The LVT(A)-4 was essentially just an LVT(A)-1 but equipped with a different turret. It was still based on the LVT-2, but it has the turret of the 75 mm Gun Motor Carriage M8 "Scott" instead of the turret of the M3 Stuart light tank. Additionally, the two rear machine gun positions were removed; this reduced the crew to five, with the commander, gunner, and loader in the turret and the driver and co-driver in the front crew compartment. In total, 1,890 LVT(A)-4 vehicles were built, and they largely replaced the LVT(A)-1 in service. The 75 mm gun was more effective against fortified positions, but the 37 mm gun of the LVT(A)-1 was as effective or more effective against enemy armour. But, the main goal of the LVT(A)-1 and -4 was to support the infantry, not to destroy enemy armour - which is why the LVT(A)-4 was more effective.
The LVT(A)-4 was itself the basis of an improved fire support version of the LVT, the LVT(A)-5. This was an improved model of the LVT(A)-4. It featured a gyro-stabilizer for the main gun, and a powered turret. In the late 1940's many LVT(A)-5 received additional armour plating. A total of 269 LVT(A)-5 were produced.
The first usage of the LVT family is as a cargo carrier in Guadalcanal, it was unarmoured at the time and only had machine guns as their main armaments. Their next usage was in Tarawa, which saw the first usage of the newly designed LVT-2. The vehicles in both cases carried ammunition, troops, and wounded back and forth the ships and the beach. After Tarawa, the LVT inventory increased by the battalion, as well as the appearance of the gun-armed LVT(A)-1 and LVT(A)-4. The LVT family continued to see service in Bougainville, the Marshall Islands, Saipan, Peleliu, Leyte (its largest usage in the war), Iwo Jima, and Okinawa. The LVT's also saw use in South East Asia in use by the British, but they never saw combat action.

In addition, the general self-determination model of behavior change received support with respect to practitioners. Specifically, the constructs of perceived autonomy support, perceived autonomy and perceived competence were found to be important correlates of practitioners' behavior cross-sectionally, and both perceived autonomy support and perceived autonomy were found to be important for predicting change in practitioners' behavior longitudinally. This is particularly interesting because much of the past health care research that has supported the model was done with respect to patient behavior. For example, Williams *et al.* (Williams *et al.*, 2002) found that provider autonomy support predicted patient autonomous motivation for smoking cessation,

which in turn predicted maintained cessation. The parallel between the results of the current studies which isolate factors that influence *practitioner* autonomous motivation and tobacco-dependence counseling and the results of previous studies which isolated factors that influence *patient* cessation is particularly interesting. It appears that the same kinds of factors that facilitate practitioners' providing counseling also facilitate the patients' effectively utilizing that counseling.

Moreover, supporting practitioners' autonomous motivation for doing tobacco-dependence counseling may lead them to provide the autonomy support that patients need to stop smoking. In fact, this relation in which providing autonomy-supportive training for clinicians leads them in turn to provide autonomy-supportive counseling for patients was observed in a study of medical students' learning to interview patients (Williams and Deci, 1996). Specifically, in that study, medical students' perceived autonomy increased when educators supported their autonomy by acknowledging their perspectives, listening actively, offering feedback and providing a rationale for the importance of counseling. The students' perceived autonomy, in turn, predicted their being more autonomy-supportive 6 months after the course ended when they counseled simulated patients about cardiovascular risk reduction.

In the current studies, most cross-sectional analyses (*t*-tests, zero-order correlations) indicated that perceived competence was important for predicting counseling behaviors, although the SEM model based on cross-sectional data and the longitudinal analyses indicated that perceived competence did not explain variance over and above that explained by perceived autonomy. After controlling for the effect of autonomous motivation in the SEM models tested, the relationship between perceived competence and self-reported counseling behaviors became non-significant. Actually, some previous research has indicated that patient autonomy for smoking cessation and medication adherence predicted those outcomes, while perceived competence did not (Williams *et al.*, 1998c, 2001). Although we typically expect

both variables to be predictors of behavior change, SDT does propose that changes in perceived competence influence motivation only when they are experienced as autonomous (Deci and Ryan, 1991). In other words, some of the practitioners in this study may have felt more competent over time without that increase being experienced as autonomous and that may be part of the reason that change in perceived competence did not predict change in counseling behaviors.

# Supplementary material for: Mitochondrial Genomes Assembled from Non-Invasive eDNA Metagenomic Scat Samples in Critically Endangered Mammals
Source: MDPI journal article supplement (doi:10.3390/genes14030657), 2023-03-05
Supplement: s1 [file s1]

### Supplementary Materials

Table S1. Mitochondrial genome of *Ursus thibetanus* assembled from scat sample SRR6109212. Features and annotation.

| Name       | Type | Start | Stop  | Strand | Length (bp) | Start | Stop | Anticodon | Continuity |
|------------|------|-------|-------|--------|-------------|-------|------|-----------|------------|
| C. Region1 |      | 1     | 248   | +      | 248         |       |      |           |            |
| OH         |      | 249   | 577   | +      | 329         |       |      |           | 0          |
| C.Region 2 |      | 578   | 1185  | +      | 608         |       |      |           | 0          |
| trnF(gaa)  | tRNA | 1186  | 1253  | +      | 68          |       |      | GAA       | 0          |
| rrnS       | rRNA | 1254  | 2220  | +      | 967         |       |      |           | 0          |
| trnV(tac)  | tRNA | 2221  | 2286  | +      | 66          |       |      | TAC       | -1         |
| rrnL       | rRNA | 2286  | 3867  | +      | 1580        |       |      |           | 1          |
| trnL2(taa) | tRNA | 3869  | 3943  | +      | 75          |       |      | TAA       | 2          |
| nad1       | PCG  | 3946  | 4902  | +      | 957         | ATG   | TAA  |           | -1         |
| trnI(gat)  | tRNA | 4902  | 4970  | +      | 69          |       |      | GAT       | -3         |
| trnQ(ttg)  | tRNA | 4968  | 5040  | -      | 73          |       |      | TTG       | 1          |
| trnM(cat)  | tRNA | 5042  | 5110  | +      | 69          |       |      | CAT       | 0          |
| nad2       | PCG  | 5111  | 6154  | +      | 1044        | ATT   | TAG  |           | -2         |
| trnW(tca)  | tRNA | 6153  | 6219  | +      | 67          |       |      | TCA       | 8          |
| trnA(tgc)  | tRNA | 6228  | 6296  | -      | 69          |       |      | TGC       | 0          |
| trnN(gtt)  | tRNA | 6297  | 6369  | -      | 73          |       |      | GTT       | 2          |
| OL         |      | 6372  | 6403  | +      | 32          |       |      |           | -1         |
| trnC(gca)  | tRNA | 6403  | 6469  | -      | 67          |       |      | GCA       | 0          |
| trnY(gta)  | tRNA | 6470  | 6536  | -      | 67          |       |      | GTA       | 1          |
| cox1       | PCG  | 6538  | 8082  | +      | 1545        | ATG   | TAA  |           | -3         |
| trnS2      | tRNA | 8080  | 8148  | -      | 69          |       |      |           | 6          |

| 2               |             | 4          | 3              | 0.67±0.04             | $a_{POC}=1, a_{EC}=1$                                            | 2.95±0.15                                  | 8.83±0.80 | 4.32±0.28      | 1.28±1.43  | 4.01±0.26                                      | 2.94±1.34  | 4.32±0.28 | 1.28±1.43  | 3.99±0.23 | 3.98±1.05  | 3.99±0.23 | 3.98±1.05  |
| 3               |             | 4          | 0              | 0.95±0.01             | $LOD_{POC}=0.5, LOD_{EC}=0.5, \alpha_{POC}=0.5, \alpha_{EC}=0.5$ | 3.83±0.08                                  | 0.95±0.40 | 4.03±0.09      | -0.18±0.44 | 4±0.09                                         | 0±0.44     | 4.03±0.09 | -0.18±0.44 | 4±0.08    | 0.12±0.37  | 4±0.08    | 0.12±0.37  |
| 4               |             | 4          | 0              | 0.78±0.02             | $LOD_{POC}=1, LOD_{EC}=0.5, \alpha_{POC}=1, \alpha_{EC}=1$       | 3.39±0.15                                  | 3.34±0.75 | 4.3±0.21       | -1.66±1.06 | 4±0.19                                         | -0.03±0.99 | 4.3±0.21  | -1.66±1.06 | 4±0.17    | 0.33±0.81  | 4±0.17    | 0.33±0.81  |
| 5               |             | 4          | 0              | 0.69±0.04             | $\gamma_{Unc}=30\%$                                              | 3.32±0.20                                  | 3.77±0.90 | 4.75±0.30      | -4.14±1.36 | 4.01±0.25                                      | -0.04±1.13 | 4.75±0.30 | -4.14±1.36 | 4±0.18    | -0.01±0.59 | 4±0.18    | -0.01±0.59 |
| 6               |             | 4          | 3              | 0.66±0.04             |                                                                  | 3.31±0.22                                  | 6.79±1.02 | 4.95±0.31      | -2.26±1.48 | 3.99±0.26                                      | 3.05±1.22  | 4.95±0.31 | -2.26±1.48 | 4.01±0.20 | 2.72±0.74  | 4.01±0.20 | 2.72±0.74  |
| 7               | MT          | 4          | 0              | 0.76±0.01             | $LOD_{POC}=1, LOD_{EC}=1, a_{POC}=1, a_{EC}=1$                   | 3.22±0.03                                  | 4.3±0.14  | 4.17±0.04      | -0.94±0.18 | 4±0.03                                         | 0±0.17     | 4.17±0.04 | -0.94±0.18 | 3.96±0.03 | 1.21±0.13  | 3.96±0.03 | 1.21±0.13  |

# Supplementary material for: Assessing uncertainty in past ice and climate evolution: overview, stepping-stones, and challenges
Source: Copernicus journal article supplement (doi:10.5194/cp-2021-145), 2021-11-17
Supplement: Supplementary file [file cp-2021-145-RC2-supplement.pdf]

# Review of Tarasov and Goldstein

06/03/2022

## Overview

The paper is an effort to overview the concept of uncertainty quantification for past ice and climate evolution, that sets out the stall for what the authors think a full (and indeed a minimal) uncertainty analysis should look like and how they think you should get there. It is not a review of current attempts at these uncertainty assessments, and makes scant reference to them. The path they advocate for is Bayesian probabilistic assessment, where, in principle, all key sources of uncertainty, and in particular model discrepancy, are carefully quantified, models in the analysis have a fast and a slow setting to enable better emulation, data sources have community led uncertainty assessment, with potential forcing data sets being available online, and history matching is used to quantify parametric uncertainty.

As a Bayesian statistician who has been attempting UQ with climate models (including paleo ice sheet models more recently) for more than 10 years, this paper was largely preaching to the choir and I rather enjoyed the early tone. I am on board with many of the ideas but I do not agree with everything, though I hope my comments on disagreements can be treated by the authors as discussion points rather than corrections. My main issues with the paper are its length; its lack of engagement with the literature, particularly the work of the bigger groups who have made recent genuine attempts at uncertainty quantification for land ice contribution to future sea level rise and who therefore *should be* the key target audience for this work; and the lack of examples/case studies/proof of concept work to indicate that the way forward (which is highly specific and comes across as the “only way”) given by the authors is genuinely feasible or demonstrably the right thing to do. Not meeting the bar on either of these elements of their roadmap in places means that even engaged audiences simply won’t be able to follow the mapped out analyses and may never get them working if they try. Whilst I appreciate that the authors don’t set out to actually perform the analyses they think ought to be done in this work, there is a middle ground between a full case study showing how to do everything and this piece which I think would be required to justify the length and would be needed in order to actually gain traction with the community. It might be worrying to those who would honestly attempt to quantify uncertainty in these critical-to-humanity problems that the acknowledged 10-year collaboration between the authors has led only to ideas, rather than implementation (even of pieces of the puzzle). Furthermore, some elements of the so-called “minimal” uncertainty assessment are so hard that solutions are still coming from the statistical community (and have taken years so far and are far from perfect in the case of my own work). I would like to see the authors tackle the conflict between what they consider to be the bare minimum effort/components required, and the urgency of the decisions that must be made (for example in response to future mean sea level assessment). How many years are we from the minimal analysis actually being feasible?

Outside the Pacific, the LVT also saw use in the European Theater of Operations. Their first usage was in North Africa in November 1942 during Operation Torch to land troops, where its best usage was to get stranded landing boats back into action. The LVT's were also given to the British as part of Lend-Lease. The LVT's were used in the Normandy landings and other operations in Europe such as crossing the Rhine River in Germany and Po River in Italy.
After World War II, the LVT's continued to see action in the multiple conflicts in the world. A number were given to the Chinese Nationalists in the Chinese Civil War by America. Many of these were captured by the Chinese PLA, with some converted to use a 75 mm howitzer or a ZIS-2 anti-tank gun. The Americans used a number of LVT vehicles in the Korean War, notably the landing at Inchon and the attack on Seoul. The French also used American-supplied LVTs during the Indochina War and the Suez Crisis.
Links to the articles on the War Thunder Wiki that you think will be useful for the reader, for example:
- reference to the series of the vehicles;
- links to approximate analogues of other nations and research trees.
|Food Machinery Corporation (FMC)|
|Amphibious AFVs||LVT(A)(1) · LVT(A)(4)|
|USA light tanks|
|M8 · M8A1 · M22 · T18E2|
|LVT||LVT(A)(1) · LVT(A)(4)|
|M2||M2A2 · M2A4 · M2A4 (1st Arm.Div.)|
|M3/M5 Stuart||M3 Stuart · M3A1 Stuart · M3A1 (USMC) · M5A1 · M5A1 TD · M5A1 (5th arm.div.)|
|M18 Hellcat||M18 GMC · M18 "Black Cat" · Super Hellcat|
|M24 Chaffee||M24 · M24 (TL)|
|Post-war||M41A1 · T92 · T114 · M551 · M3 Bradley · M3A3 Bradley · HSTV-L · XM8 · M1128|
|USA premium ground vehicles|
|Light tanks||LVT(A)(4) · M2A4 (1st Arm.Div.) · M3A1 (USMC) · M5A1 (5th arm.div.) · M8 · M8A1|
|M18 "Black Cat" · Super Hellcat · T18E2 · T114|
|Medium tanks||Grant I · M4A5 · Calliope · T20 · M26 T99 · M26E1 · M46 "Tiger" · Magach 3 · XM-1 (GM) · XM-1 (Chrysler) · T54E1|
|Heavy tanks||T14 · Cobra King · M6A2E1 · T29 · T30|
|Tank destroyers||T28 · T55E1|